To date OCTANe’s partner, Okapi Venture Capital, has raised $30m for early-stage technology companies. Orange County has attracted $1.1bn in venture capital money in two years for both bioscience and high technology. “On the bioscience side, we are starting to see more start-up companies,” says Mr Augusta. “There is extreme strength in dermatology and ophthalmology R&D with Agilent, Alcon and the University of California, Irvine here.”
Bioinformatics analysis company ImmPORT Therapeutics had its start in Irvine. Initially funded by NIH and small business grants, ImmPORT has obtained about $5m in funding with the support of OCTANe and the Gates Foundation. “We have been able to think about growing without investment at this point,” says ImmPORT founder Phil Felgner.
The North Carolina Biotechnology Center (NCBC) and venture capitalists in Raleigh-Durham Research Triangle are ensuring world-class funding options for North Carolina. In 2005, the Council for Entrepreneurial Development ranked the state third nationally in total venture capital dollars raised by life science companies.
NCBC helps companies to define and qualify their business plans and offers a unique package of loans and grants. Its strategic growth programme, for example, matches loans up to $250,000 from angel investors or venture capitalists.
“We find that the venture capitalist or angel network will be more interested in making an investment in a company when our money leverages the risk,” says John Richert, NCBC vice-president of business and technology development.
Since NCBC’s inception in 1989, the organisation has made about $16m in loans, thereby resulting in about $1.3bn in additional venture capital, angel or IPO money.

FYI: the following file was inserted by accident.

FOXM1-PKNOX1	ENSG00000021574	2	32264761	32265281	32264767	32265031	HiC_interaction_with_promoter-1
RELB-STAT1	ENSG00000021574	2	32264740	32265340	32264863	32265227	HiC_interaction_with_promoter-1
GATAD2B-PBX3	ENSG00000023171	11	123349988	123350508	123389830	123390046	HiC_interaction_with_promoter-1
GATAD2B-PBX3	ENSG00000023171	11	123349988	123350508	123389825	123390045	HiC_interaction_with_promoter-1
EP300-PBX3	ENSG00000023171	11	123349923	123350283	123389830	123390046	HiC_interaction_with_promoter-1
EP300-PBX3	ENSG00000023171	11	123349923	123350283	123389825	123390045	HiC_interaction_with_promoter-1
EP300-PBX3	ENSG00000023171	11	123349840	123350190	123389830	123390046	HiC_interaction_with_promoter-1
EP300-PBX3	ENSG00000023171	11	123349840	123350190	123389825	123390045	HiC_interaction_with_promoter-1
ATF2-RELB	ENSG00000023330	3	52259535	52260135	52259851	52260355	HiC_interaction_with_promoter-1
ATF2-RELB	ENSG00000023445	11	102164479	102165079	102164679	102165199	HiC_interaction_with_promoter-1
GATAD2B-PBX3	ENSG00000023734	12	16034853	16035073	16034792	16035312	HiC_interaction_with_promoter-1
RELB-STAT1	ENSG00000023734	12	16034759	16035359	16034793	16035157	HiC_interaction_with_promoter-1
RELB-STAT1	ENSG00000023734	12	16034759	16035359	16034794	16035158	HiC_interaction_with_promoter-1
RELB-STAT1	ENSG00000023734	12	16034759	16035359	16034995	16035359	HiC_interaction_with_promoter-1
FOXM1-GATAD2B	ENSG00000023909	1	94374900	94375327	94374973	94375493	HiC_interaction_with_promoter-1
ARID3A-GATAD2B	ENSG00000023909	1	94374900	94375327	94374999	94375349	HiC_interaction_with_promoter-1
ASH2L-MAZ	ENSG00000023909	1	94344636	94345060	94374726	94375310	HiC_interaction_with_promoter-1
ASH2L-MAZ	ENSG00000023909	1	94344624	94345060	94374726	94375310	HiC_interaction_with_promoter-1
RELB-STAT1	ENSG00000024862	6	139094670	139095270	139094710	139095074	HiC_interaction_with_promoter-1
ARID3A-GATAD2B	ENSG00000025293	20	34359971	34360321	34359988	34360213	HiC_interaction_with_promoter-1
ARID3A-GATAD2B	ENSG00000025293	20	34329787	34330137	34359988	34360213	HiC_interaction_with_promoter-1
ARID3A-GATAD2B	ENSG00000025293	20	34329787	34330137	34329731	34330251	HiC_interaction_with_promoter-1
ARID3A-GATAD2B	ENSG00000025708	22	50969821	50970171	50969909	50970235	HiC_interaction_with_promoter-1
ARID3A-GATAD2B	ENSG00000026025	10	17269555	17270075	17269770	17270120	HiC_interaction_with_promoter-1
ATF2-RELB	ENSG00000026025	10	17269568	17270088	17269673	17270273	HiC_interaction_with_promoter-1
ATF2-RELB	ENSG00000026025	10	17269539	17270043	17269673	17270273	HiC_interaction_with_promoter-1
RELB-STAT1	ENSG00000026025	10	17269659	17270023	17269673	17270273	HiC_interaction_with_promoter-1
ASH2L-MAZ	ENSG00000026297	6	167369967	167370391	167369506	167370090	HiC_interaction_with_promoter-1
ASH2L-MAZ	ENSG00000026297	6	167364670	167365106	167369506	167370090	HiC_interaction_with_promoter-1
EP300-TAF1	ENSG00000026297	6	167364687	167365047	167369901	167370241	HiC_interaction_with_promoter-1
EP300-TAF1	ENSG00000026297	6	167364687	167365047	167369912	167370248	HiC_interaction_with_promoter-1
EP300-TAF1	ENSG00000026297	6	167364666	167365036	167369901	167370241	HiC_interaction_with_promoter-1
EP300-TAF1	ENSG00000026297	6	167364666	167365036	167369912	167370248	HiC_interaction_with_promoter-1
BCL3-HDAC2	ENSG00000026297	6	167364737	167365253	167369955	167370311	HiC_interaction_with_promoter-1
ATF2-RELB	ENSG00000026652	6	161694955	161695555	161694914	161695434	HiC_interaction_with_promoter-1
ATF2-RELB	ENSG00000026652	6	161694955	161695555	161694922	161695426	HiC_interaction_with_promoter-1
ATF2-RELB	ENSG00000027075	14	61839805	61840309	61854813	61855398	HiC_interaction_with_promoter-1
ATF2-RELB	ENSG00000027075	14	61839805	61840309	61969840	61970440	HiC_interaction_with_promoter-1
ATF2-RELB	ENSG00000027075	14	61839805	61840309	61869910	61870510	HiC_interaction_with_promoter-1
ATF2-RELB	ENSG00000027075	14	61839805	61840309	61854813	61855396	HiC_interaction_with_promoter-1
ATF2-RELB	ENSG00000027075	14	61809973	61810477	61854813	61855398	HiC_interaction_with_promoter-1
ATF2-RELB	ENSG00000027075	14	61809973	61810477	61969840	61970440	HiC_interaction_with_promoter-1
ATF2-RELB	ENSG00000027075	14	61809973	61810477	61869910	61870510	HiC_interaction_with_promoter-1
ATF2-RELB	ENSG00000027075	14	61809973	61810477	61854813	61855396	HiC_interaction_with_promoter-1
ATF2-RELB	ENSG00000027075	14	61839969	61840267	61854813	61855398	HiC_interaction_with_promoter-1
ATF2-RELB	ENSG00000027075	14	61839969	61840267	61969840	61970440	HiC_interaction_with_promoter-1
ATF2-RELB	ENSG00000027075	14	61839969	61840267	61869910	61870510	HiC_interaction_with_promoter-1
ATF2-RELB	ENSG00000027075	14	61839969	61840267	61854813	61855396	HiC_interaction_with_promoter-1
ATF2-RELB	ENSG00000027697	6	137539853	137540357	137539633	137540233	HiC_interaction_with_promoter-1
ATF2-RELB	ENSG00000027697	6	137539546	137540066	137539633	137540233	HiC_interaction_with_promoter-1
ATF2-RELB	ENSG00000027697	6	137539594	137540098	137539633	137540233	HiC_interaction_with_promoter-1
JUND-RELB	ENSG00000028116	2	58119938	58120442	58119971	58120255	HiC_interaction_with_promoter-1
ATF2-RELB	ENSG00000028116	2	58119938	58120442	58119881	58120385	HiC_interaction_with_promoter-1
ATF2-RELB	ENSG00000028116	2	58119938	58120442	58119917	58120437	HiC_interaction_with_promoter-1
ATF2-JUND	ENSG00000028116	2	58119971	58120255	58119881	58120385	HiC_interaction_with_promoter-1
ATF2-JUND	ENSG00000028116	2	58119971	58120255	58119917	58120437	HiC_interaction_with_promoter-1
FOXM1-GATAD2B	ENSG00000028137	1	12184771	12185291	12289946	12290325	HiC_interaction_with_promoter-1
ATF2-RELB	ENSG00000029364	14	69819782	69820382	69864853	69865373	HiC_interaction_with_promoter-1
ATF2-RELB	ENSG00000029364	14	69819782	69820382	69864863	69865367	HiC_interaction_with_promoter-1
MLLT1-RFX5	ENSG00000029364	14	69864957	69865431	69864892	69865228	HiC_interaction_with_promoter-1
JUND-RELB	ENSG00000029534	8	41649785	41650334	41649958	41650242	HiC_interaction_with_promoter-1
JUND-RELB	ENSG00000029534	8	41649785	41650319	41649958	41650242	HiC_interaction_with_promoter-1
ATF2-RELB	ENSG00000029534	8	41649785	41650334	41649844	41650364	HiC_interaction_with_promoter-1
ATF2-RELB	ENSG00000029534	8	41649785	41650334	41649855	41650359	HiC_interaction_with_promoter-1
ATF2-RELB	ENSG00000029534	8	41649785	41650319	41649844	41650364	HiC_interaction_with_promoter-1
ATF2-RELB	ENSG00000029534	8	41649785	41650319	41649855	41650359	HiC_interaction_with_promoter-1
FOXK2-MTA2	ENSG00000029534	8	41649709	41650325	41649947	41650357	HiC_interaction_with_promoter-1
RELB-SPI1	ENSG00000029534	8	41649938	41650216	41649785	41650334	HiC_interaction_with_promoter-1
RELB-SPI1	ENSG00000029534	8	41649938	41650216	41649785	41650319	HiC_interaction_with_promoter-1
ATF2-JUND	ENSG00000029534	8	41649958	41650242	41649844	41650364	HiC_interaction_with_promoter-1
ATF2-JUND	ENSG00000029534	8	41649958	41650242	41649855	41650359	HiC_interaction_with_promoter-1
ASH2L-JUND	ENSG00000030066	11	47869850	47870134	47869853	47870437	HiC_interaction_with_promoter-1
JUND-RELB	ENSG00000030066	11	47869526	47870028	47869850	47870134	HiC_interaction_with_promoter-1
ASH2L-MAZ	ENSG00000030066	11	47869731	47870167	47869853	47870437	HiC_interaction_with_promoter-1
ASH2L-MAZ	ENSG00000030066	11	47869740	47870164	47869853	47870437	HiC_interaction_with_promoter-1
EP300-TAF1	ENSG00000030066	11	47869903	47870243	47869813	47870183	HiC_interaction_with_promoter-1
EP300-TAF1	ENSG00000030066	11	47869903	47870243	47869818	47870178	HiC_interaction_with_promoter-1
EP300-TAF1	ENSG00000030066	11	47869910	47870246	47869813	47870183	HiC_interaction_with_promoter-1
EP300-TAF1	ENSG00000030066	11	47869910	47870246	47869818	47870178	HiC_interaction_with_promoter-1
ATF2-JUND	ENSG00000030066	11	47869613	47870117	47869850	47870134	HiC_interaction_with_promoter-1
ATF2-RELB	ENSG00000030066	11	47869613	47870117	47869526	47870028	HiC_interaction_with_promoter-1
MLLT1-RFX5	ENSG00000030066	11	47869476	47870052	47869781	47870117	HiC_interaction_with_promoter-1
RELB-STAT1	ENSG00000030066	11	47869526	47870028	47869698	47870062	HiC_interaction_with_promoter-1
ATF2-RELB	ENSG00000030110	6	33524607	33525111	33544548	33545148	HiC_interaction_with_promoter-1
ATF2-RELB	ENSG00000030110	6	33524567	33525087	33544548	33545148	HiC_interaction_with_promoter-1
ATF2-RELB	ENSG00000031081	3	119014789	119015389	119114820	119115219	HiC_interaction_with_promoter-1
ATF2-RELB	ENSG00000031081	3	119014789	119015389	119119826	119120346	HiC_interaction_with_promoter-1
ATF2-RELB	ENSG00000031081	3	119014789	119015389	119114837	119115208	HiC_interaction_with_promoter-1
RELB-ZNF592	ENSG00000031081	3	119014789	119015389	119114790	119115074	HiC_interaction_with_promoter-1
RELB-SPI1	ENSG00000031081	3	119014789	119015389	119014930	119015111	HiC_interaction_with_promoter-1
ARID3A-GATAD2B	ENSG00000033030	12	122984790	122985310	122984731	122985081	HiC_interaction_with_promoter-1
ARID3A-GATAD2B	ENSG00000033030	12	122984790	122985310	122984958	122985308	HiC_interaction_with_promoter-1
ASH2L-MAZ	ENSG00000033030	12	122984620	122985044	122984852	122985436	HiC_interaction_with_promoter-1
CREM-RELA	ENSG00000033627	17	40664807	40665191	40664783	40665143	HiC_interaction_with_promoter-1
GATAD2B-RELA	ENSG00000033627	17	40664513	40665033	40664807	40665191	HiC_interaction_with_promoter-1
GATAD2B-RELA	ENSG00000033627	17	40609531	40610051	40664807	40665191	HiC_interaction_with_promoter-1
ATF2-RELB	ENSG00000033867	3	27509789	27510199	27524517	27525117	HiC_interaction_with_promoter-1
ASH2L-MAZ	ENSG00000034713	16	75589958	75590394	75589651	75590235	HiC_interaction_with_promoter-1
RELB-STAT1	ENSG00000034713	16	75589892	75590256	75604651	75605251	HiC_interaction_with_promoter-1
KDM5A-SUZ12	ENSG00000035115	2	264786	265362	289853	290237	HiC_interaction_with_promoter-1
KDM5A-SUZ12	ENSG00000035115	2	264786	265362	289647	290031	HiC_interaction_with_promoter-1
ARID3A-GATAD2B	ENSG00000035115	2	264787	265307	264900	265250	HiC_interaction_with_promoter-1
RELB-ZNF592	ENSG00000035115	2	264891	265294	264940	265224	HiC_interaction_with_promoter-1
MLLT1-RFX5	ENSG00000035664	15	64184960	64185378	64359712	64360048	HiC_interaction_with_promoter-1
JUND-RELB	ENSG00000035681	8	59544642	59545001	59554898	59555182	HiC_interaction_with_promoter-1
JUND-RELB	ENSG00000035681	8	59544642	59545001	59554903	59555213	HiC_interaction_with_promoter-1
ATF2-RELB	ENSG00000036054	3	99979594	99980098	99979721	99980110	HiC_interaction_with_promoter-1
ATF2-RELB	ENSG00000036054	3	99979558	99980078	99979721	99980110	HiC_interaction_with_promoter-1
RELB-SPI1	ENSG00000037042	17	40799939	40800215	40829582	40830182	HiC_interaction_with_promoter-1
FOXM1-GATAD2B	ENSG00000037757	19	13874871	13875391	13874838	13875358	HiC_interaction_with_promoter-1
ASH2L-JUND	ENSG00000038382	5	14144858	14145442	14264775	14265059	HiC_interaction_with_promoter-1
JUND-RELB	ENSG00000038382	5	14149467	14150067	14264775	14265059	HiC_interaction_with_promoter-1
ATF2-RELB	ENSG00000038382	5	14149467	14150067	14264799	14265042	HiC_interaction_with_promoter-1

A number of venture capital funds in North Carolina promote biotechnology. The Aurora Funds provides money for innovative, early stage start-up healthcare and information technology companies, for example.
“There are different funding models, but companies need $100m to get to a successful conclusion to be in an IPO or mergers and acquisitions transaction. Many deep pockets around the table are required,” says Jeff Clarke, Aurora managing director.
Since 1994, Aurora has invested in more than 60 portfolio companies, resulting in five IPOs and eight M&A transactions. Among them is Regado Biosciences, a Durham-based biopharmaceuticals company.
Although biotech funding in the US outweighs that in Europe by five to one, Europe’s investment climate is improving. According to Ernst & Young, the number of IPOs in Europe in 2005 increased 22%, an all-time high for the sector. That same year, there were 23 new biotech IPOs compared with 13 in the US. Revenues of Europe’s public companies increased by 17% in 2005, compared with a 5% decrease in 2004. The same year, market capitalisations rose by 26%.
The Swiss Stock Exchange (SWX) in Zurich has a three-year history of the largest biotech IPOs in Europe in terms of the transaction size. “The large volumes have to be seen in context of having a market on SWX, which is dominated by institutional investors that ask for minimal trade and company sizes,” says Christoph Schuler, SWX relationship manager for issuer and investor relations.
Switzerland’s long tradition in the pharma and chemical industry, and the finance industry’s early involvement in the cluster, have resulted in numerous life science companies evolving there in the past decade.
The UK benefits from the London Stock Exchange, the only stock market with an index dedicated to the life sciences sector. Consequently, the UK led the IPO stakes in 2005 with seven listings out of Europe’s 23.
London is flush with capital, as exemplified by international life sciences investment group Abingworth, which closed on its $587m Bioventures V LP fund in January 2007. Bioventures is Abingworth’s eighth life sciences fund and the largest dedicated to life sciences in Europe.
Meanwhile, local efforts are promoting biotech growth elsewhere in the UK. Scottish Enterprise supports the pre-commercialisation of leading-edge technologies emerging from Scotland’s universities, research institutes and National Health Service boards through its Proof of Concept fund. To date, the programme has supported 184 projects worth more than £30m and has already created more than 500 new jobs through 33 spin-out/start-up companies and 31 licensing deals.